Apple CEO Steve Jobs knows how to create marketable hype ands the launch of the iPhone only enhanced the repuattions of the company and its CEO.
Until AT&T's second-quarter earnings report Tuesday showed a surprisingly low number of iPhone sales plan activations, everyone thought the new wireless device was off to a flying start. That, of course, led analysts to conclude that fewer phones were sold then originally forecast.
Sales issues aside, here's a look at the phone itself.
One Review Of The Device
“The glitzy wonder kit is indeed worth lusting after,” said Edward Baig, "USA Today" technology reporter, who shared his review of the device with CNBC. Baig said the iPhone does everything you see it do on the commercials that have been flooding television, including manually enlarging and minimizing the screen, and accessing everything with the swipe of your index finger. Baig is less impressed with the network of AT&T, Apple’s exclusive service provider. “A lot of times it was not that fast,” Baig of the time it took to connect to the Internet, which can be accessed with the iPhone. The phone works “pretty well”, meaning faster, however, via a wireless home network, he said. As for typing on the keyboard-less phone, Baig said it “takes getting used to.” As for the device’s battery – which is suspect to some -- Baig said it lasted through the day. He did suggest consumers charge the phone each night, despite Apple’s claim that the iPhone’s battery has eight to nine hours of talk time.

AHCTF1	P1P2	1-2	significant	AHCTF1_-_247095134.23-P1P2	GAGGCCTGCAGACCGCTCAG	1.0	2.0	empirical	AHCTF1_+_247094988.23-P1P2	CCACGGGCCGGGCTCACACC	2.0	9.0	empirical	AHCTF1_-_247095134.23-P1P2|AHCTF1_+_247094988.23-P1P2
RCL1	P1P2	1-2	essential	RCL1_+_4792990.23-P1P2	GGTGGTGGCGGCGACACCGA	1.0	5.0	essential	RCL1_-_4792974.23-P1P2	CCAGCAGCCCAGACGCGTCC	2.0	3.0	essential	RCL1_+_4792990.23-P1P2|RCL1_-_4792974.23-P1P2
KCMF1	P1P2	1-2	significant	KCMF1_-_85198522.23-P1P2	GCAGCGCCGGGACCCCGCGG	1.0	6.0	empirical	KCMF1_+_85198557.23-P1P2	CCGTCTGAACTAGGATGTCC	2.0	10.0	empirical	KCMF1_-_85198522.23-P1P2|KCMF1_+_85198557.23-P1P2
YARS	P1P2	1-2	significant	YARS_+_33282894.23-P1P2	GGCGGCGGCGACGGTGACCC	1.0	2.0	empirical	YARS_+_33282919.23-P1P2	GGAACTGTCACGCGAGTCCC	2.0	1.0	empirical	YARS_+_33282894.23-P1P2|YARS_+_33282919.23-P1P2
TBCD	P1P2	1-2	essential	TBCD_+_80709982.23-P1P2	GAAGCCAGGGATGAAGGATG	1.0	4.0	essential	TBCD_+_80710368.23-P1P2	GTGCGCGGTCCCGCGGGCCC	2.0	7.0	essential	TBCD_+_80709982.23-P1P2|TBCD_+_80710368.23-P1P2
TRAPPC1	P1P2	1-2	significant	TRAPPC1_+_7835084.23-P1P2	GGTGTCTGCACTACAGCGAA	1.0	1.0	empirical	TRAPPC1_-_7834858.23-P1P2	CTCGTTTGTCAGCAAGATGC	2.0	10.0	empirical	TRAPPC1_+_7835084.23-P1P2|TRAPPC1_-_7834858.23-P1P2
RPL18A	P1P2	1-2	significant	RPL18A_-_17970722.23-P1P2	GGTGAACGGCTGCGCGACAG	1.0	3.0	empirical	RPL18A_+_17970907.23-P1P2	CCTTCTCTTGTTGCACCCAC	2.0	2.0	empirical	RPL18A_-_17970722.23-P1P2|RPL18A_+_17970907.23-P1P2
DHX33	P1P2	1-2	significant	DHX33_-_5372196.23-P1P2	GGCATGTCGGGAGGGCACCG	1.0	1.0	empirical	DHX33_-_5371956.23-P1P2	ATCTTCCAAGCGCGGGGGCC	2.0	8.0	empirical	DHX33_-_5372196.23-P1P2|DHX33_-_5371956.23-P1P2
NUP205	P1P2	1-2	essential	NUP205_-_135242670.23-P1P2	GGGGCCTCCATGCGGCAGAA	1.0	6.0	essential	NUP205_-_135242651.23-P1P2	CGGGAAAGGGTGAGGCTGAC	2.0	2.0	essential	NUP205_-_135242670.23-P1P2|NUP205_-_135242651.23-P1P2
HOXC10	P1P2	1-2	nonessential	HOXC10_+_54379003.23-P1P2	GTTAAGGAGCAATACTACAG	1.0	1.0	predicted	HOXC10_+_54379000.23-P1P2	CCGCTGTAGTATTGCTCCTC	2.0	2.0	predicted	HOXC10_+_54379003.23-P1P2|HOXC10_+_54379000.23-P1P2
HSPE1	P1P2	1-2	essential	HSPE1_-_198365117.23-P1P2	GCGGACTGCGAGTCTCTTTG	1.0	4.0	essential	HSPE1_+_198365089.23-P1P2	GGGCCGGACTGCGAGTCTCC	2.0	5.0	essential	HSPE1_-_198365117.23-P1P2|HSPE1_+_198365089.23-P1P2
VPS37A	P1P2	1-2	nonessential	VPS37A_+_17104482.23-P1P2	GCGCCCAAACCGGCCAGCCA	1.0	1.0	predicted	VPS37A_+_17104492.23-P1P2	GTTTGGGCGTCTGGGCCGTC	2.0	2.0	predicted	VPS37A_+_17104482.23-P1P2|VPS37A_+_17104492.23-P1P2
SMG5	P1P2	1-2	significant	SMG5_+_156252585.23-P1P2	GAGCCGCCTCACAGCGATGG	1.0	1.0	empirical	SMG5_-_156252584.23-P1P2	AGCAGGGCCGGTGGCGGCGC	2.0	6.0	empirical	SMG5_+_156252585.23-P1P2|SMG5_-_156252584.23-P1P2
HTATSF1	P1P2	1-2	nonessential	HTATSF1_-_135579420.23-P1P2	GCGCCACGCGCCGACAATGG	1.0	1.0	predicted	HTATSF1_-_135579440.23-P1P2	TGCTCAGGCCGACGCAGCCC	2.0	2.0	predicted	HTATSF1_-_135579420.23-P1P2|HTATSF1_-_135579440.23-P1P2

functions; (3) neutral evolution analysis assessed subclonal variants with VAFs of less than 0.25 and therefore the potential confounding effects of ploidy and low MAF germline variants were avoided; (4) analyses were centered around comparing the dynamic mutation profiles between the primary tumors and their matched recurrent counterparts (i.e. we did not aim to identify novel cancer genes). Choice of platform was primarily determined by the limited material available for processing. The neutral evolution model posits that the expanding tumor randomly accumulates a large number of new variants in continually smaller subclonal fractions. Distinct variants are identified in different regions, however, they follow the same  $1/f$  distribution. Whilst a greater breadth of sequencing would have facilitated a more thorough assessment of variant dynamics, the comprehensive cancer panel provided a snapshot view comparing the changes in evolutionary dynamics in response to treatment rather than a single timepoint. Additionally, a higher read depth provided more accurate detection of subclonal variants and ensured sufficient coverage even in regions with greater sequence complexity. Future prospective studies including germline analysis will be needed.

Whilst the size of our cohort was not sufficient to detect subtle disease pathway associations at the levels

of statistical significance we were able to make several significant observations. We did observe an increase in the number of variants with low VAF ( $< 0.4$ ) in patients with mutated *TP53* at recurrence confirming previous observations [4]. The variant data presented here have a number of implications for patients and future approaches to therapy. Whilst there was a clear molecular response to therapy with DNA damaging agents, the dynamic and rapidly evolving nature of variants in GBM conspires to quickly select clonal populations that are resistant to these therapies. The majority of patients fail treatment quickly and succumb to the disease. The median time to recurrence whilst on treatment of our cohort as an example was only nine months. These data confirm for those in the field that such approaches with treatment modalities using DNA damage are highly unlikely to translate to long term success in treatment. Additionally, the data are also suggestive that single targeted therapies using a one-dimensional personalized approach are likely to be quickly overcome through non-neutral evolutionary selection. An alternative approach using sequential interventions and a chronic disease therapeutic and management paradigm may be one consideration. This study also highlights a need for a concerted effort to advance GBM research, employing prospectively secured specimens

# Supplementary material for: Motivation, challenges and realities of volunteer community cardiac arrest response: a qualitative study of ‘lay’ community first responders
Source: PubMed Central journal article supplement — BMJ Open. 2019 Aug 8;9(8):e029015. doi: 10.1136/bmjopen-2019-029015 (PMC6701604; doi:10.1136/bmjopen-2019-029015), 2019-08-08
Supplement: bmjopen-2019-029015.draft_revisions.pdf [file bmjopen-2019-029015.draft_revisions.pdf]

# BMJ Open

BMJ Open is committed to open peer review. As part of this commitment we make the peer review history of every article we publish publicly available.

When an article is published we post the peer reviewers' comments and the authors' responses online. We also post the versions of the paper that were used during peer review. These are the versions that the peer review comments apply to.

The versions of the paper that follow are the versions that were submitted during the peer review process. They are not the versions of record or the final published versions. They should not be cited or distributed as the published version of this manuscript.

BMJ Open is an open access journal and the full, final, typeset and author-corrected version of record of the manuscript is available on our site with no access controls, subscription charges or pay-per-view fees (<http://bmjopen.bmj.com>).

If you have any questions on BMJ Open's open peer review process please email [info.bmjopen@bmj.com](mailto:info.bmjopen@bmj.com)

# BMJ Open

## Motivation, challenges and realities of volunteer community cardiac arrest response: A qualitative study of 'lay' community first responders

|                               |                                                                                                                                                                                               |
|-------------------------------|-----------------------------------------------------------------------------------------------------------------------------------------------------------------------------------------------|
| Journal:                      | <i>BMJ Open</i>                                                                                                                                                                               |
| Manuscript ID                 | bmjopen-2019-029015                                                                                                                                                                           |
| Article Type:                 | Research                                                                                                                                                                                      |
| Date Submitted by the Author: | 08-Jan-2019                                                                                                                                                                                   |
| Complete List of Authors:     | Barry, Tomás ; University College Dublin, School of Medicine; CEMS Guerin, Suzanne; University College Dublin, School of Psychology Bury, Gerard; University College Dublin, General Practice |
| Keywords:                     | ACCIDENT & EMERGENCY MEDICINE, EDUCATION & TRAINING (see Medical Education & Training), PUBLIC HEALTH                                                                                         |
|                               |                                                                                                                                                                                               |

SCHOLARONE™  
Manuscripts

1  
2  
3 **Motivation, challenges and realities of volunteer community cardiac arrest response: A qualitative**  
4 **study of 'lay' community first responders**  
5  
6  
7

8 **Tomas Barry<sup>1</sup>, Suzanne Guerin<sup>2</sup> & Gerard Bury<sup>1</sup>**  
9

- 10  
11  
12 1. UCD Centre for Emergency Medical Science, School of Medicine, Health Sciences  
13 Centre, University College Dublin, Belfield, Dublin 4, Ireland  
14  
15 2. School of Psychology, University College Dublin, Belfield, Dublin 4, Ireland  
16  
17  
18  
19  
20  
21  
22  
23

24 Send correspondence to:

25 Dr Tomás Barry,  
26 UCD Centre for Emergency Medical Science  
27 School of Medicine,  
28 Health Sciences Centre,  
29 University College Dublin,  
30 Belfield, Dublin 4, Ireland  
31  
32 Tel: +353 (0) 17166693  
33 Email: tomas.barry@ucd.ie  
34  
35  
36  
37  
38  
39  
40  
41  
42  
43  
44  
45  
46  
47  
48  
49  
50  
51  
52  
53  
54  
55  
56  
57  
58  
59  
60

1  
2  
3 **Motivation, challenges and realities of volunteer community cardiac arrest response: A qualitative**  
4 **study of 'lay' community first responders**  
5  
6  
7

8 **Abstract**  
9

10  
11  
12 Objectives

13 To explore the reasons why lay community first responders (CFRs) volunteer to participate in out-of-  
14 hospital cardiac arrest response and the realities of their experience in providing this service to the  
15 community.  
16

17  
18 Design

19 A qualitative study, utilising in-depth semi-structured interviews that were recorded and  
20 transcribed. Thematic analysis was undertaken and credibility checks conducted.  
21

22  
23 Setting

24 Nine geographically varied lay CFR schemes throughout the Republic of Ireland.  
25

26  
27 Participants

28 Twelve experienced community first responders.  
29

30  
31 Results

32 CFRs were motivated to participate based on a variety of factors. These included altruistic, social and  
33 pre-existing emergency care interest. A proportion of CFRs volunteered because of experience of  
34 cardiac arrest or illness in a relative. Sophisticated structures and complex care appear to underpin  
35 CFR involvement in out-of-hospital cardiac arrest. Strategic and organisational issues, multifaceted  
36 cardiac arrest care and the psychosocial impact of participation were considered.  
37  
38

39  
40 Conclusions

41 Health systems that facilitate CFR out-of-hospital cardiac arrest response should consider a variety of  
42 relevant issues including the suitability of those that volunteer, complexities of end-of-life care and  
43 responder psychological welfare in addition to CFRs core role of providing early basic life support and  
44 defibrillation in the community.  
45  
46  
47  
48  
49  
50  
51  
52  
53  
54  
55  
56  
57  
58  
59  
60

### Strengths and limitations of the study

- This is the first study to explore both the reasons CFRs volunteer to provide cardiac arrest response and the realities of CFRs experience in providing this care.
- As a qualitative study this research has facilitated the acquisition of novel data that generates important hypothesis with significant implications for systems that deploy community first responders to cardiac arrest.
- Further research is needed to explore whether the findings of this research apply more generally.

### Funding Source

Another Take on the Device
“This is really a hand-held computer,” said Walter Mossberg, personal technology columnist for “The Wall Street Journal,” who was quick to conclude that the iPhone is easy to use. After testing the Apple device, he found that it accommodated nine hours of exclusive web surfing, 22 hours of continuous music playing time, and seven hours of video time. Mossberg said the phone also works overseas, though one has to pay roaming fees to the network provider. Mossberg added that one clear flaw is Apple's decision to contract with only one wireless network provider, AT&T.
Dissecting the iPhone
With the iPhone on the streets, what else is left but to unravel its bodily secrets? iSuppli, which sells reports to customers detailing the processors, memory and materials used in each iPhone, revealed that Samsung Electronics, Infineon Technologies and Texas Instruments all delivered components and worked with Apple to create the device. Each iPhone sold will generate 50% profit on the cost of each phonefor Apple, but Apple is not the only victor. According to CNBC’s Julia Boorstin, Samsung, the biggest winner among tech suppliers, will generate $52 to $76 in revenue per phone, depending on which iPhone model -- the 4GB or larger-memory 8GB – sells the most. Another big winner is Infineon, a maker of Edge chips used in phones like Apple’s iPhone, which will generate over $15 in revenue per phone. Its competitor in Edge chip technology, Texas Instruments, will only generate $4 per phone. Apple is not contractually bound to any of these tech suppliers, Boorstin said, as it hopes to change its suppliers once it has calculated its need for the next-generation iPhone.